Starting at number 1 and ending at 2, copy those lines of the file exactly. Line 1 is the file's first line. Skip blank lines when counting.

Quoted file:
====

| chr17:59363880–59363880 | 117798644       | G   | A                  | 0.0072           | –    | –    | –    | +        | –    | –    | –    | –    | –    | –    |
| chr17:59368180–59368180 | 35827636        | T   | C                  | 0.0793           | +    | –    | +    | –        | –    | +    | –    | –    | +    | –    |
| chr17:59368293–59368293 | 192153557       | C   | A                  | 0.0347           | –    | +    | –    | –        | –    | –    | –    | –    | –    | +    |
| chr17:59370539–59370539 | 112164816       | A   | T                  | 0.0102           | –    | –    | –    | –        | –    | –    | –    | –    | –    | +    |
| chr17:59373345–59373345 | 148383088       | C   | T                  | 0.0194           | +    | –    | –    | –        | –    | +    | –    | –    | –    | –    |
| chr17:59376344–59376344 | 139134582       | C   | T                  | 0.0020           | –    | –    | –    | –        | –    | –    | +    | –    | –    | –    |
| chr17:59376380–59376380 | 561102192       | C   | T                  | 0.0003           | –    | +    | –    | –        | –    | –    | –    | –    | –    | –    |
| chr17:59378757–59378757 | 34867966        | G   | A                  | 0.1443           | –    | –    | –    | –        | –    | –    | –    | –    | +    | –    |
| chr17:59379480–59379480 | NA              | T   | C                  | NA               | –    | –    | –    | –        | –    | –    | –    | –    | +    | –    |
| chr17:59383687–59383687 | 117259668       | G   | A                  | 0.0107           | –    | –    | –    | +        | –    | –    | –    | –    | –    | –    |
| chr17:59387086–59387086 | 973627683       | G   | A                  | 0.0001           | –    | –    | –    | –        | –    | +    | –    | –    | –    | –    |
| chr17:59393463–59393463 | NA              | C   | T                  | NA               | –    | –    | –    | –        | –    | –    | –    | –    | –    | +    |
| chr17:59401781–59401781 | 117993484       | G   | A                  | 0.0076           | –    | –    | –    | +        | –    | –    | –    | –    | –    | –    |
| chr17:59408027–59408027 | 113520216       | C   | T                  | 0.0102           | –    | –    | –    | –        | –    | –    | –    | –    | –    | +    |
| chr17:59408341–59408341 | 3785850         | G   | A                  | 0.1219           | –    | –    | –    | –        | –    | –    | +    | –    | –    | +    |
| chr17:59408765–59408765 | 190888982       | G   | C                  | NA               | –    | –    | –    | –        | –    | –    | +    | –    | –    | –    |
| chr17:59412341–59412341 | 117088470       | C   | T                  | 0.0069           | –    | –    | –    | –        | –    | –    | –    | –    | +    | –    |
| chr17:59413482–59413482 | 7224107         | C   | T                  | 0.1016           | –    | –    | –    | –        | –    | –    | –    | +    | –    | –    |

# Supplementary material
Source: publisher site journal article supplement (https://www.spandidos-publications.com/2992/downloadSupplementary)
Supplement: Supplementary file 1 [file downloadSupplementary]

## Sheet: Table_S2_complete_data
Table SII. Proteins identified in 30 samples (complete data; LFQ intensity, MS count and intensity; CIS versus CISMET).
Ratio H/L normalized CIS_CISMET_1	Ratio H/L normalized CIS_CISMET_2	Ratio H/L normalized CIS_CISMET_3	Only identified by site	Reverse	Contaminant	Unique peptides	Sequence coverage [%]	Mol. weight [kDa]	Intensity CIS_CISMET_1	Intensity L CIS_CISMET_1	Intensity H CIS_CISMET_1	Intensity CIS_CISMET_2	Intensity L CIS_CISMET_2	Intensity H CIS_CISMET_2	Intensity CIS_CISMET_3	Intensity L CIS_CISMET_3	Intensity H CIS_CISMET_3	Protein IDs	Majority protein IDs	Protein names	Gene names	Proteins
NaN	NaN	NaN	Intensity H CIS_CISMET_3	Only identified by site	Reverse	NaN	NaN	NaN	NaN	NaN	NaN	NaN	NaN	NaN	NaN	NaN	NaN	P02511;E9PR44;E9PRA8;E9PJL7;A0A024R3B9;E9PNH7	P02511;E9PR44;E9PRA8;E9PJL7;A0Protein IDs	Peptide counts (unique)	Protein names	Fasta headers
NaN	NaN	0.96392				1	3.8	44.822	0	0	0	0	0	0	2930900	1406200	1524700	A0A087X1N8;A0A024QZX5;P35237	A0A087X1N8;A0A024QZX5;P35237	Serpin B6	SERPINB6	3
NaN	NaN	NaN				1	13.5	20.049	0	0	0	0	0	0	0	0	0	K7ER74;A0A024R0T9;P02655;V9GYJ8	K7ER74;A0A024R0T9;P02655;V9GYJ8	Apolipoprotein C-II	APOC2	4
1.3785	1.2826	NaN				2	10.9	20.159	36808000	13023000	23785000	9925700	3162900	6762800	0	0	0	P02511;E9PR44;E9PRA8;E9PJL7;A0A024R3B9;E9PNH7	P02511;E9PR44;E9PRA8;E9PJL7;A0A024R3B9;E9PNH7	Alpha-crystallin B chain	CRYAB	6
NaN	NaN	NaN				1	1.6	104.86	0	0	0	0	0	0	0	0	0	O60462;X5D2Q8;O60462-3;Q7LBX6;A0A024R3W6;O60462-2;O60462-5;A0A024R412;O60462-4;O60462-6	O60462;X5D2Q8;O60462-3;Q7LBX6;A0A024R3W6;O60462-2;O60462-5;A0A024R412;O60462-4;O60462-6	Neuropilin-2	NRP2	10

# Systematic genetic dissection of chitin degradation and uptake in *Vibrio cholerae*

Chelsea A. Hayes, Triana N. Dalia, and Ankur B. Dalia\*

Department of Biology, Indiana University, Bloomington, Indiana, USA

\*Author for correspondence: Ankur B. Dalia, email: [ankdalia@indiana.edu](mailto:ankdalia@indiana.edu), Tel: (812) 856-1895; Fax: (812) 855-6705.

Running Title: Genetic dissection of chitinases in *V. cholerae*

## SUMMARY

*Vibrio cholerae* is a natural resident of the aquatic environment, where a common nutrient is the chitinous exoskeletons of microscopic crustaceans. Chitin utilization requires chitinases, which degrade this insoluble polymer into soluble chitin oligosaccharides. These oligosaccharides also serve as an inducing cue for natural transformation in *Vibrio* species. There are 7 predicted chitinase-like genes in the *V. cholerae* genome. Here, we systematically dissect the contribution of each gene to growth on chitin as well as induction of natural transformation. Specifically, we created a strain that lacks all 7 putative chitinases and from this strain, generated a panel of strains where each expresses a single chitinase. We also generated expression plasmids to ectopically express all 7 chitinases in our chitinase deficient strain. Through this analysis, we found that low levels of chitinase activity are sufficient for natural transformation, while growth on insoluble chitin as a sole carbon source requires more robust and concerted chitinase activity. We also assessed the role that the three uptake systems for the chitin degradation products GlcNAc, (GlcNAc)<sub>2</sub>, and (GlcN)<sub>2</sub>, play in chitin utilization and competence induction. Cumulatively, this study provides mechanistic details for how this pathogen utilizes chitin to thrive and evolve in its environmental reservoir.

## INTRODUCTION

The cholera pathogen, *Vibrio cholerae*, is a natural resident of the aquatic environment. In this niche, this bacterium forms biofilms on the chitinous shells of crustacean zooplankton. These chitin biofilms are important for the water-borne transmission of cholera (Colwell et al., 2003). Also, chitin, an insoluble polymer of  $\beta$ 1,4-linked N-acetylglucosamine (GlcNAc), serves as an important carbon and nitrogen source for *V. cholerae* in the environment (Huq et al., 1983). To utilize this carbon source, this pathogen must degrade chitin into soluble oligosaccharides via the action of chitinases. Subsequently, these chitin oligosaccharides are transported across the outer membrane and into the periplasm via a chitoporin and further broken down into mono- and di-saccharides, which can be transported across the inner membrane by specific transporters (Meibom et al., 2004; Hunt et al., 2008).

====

| chr17:59363880–59363880 | 117798644       | G   | A                  | 0.0072           | –    | –    | –    | +        | –    | –    | –    | –    | –    | –    |
| chr17:59368180–59368180 | 35827636        | T   | C                  | 0.0793           | +    | –    | +    | –        | –    | +    | –    | –    | +    | –    |